That is a world of $200 hamburgers, which is one way to make clear the massive shift in culture and economics that is at the logical end of this movement to start caring about how what we buy affects the earth and the future. Unfortunately, I don’t see that shift happening anytime soon. Listen to Raj Patel on this, and imagine how crazy he would sound to most Americans (and Glenn Beck’s head would explode). But Raj Patel is right.

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The Prince Of Wales Seeks “Harmony”

Okay, he also seeks relevance. But in an age where we know the way we live is completely out of synch with the world we live in, you have to take answers (or suggestions) where you can find them. So while it would be easy to dismiss the plummy tones of this latest jeremiad from HRH, The Prince Of Wales, it’s more important to consider the fact that he is, well, right.

Here is the trailer for what he is on about.
Vodpod videos no longer available.


Charles, Prince of Wales outside the White Hou...
Image via Wikipedia

The full Harmony website is here, and thanks to NBC you can watch the whole Harmony program on Hulu. If it moves you, there is some cool social media to play with, and lots of action to take.

The scale of change required, of course, is far beyond what most people–even those who like what HRH has to say–are willing to contemplate. More on that later.

But it doesn’t hurt to be talking about it, especially in such an interesting voice.

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The Power Of Video Is Turned On BP’s Tony Hayward

If you had any doubts about the mismatch between BP CEO Tony Hayward‘s words and the reality of what is going on in the Gulf Of Mexico, the NRDC has made this video to set you straight. Sure, it uses pictures, music and words to crucify the guy. But doesn’t he, along with BP, deserve it?

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We Have Slow Food. Are You Ready For Slow Driving?

55 mph speed limit being erected in response t...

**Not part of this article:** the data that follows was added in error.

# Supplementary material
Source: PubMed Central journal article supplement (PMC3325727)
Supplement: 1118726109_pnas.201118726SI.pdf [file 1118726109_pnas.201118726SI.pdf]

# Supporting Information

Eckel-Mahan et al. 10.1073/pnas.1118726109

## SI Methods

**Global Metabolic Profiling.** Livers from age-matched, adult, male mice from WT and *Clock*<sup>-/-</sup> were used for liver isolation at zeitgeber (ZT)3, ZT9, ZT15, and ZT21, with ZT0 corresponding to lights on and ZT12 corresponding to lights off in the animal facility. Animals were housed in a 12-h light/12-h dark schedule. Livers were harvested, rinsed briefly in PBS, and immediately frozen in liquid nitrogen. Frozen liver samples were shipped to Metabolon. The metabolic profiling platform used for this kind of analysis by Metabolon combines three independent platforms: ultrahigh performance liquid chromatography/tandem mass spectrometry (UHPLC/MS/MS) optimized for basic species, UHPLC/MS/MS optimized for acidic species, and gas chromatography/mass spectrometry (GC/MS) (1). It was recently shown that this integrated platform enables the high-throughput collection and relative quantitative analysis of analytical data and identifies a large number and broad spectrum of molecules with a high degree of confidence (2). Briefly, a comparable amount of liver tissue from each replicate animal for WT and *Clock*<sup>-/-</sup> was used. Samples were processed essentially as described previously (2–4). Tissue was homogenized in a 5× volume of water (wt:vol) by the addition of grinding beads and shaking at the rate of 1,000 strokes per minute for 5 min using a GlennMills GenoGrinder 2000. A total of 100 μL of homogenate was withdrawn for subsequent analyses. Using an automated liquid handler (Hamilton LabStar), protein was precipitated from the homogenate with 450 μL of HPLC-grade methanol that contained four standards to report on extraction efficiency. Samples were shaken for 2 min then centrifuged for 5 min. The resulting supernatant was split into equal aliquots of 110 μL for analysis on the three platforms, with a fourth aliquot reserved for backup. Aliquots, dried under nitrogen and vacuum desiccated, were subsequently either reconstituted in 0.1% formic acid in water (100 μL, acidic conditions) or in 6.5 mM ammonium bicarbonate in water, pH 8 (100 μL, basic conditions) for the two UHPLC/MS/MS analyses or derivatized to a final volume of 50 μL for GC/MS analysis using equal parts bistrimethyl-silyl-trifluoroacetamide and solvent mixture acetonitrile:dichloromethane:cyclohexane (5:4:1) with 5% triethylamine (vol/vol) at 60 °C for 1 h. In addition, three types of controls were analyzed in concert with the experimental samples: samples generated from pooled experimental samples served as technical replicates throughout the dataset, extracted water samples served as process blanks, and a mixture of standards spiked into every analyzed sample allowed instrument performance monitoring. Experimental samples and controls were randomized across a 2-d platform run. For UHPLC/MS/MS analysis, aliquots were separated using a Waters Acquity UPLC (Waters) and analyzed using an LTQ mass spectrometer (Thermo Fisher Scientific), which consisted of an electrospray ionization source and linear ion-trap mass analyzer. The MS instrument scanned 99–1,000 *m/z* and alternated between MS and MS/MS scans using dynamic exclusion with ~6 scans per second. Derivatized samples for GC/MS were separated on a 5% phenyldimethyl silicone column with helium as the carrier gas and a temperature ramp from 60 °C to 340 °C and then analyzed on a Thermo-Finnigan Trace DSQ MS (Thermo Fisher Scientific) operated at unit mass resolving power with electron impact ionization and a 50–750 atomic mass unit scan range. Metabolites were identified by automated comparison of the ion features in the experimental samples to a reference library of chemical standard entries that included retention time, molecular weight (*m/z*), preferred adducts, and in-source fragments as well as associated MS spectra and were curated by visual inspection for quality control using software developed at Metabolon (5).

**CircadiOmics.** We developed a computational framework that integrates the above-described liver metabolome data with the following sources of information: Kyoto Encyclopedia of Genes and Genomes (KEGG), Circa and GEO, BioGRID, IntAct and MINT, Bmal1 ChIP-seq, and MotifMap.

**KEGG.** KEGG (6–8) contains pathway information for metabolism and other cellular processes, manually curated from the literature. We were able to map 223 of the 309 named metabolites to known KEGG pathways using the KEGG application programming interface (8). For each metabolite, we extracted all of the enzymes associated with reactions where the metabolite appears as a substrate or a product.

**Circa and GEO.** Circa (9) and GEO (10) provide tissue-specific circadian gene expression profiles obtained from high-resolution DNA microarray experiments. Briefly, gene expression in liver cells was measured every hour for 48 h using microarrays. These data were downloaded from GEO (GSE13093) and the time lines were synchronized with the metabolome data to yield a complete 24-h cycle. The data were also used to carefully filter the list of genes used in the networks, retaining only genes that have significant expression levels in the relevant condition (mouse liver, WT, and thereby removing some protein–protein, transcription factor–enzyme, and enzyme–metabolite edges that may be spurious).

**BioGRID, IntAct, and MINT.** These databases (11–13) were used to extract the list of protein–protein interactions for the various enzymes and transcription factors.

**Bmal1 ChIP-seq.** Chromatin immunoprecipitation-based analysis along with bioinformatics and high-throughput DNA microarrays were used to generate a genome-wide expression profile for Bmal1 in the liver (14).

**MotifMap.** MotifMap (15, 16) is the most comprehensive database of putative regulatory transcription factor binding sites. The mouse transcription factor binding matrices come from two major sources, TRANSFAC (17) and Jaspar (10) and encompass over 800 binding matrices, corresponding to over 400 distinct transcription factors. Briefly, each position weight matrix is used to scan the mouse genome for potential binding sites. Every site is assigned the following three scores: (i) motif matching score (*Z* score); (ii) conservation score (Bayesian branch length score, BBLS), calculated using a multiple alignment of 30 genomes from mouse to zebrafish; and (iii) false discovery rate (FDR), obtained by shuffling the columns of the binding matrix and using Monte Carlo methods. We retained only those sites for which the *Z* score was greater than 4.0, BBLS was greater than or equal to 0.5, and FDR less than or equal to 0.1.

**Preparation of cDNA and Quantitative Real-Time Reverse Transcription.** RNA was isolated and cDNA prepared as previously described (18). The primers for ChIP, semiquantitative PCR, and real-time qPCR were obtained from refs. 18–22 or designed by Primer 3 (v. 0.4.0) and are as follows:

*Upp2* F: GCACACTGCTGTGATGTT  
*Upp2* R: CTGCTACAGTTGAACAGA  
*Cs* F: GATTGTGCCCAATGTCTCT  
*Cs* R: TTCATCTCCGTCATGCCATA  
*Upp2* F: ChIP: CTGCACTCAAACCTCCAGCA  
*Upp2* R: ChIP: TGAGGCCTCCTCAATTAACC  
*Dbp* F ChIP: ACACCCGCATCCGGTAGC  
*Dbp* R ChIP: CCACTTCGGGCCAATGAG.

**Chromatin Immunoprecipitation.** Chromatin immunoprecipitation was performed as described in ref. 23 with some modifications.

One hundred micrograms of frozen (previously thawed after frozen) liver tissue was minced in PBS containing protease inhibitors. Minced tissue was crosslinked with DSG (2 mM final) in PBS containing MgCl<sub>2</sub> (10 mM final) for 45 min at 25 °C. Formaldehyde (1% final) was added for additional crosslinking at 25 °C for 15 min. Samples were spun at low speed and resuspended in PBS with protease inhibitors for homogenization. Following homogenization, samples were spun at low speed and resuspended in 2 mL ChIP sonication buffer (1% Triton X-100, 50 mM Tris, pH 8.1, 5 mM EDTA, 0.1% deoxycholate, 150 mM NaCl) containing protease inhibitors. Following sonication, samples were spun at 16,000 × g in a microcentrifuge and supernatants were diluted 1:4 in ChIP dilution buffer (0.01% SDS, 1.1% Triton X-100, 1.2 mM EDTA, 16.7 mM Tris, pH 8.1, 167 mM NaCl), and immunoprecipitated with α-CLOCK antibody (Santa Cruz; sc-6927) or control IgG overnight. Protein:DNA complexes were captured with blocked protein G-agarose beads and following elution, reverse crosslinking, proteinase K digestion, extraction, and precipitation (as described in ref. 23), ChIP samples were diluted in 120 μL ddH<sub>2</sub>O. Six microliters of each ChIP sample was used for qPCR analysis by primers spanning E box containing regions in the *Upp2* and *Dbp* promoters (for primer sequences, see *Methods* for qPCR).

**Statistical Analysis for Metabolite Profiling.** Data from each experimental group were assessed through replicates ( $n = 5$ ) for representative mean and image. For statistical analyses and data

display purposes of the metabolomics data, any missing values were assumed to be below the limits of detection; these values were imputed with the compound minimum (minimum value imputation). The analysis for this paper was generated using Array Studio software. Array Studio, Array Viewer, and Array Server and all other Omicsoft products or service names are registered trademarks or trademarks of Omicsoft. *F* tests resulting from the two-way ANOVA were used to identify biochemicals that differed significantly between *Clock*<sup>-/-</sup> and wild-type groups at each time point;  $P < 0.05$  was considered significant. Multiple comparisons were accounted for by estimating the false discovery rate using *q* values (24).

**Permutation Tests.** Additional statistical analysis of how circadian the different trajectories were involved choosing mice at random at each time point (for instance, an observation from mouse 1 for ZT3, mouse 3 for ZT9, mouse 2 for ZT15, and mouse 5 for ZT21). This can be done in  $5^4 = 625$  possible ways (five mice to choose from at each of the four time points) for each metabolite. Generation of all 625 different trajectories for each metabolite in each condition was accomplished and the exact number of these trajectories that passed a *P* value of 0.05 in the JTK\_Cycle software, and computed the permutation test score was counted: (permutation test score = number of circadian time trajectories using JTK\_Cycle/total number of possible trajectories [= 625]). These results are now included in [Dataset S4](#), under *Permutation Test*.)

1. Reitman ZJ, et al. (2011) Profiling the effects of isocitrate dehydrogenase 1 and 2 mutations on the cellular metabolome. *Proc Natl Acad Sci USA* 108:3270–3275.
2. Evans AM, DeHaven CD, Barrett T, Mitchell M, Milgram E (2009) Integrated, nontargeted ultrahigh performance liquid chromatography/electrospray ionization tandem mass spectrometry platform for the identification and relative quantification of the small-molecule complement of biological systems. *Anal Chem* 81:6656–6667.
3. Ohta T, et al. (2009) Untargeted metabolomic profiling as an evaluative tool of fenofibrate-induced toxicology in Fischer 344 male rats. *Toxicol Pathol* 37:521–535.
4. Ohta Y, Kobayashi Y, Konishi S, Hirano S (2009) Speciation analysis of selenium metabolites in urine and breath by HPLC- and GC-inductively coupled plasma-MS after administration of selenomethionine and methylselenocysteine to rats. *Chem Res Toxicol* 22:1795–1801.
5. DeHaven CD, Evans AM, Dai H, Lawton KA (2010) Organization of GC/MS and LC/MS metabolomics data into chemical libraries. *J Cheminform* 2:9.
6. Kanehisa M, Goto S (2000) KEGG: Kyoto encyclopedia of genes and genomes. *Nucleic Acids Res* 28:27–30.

Image via Wikipedia

When President Carter called for a 55 mph national speed limit in response to the 1970s Arab oil embargo there was a national outcry, and car manufacturers were not far from a decades-long binge on massive cars with powerful engines that could propel them nicely at speeds far in excess of the pokey 55 mph (recent research indicates that given an open road, Americans choose to cruise at 70 mph).

But with oil saturating the Gulf of Mexico, billions of American dollars a year going to nasty, hostile, dictatorships, and climate change slowly throttling the planet, I’ve been waiting for someone, somewhere, to make the case again for slowing down. And according to WIRED, someone has. And the new number is–drumroll–50 mph!

Everyone knows easing up on the accelerator can improve your fuel economy and reduce your emissions. But what kind of impact would it have on the environment if everyone had to slow down?

A potentially big one, as it turns out.

Dutch researchers say lowering the speed limit to 80 km/h (50 mph) would cut transportation-related CO2 emissions by 30 percent. Less drastic cuts in maximum speed would yield reductions of 8 to 21 percent, according to the study by CE Delft.


Beyond significantly reducing the amount of fuel vehicles burn, a strictly enforced 50 mph speed limit would increase the time required to cover a given distance. That would lead many people facing long commutes to ditch cars in favor of other modes of transport, like rail. Longer term, the impact could prompt people to move closer to urban centers.

Okay, I’ll give it a shot. There’s no reason to rush anymore, anyhow, because we are still fully plugged in via our smartphones, even when we are stuck in a car (kidding, cyclists, kidding. Sort of…).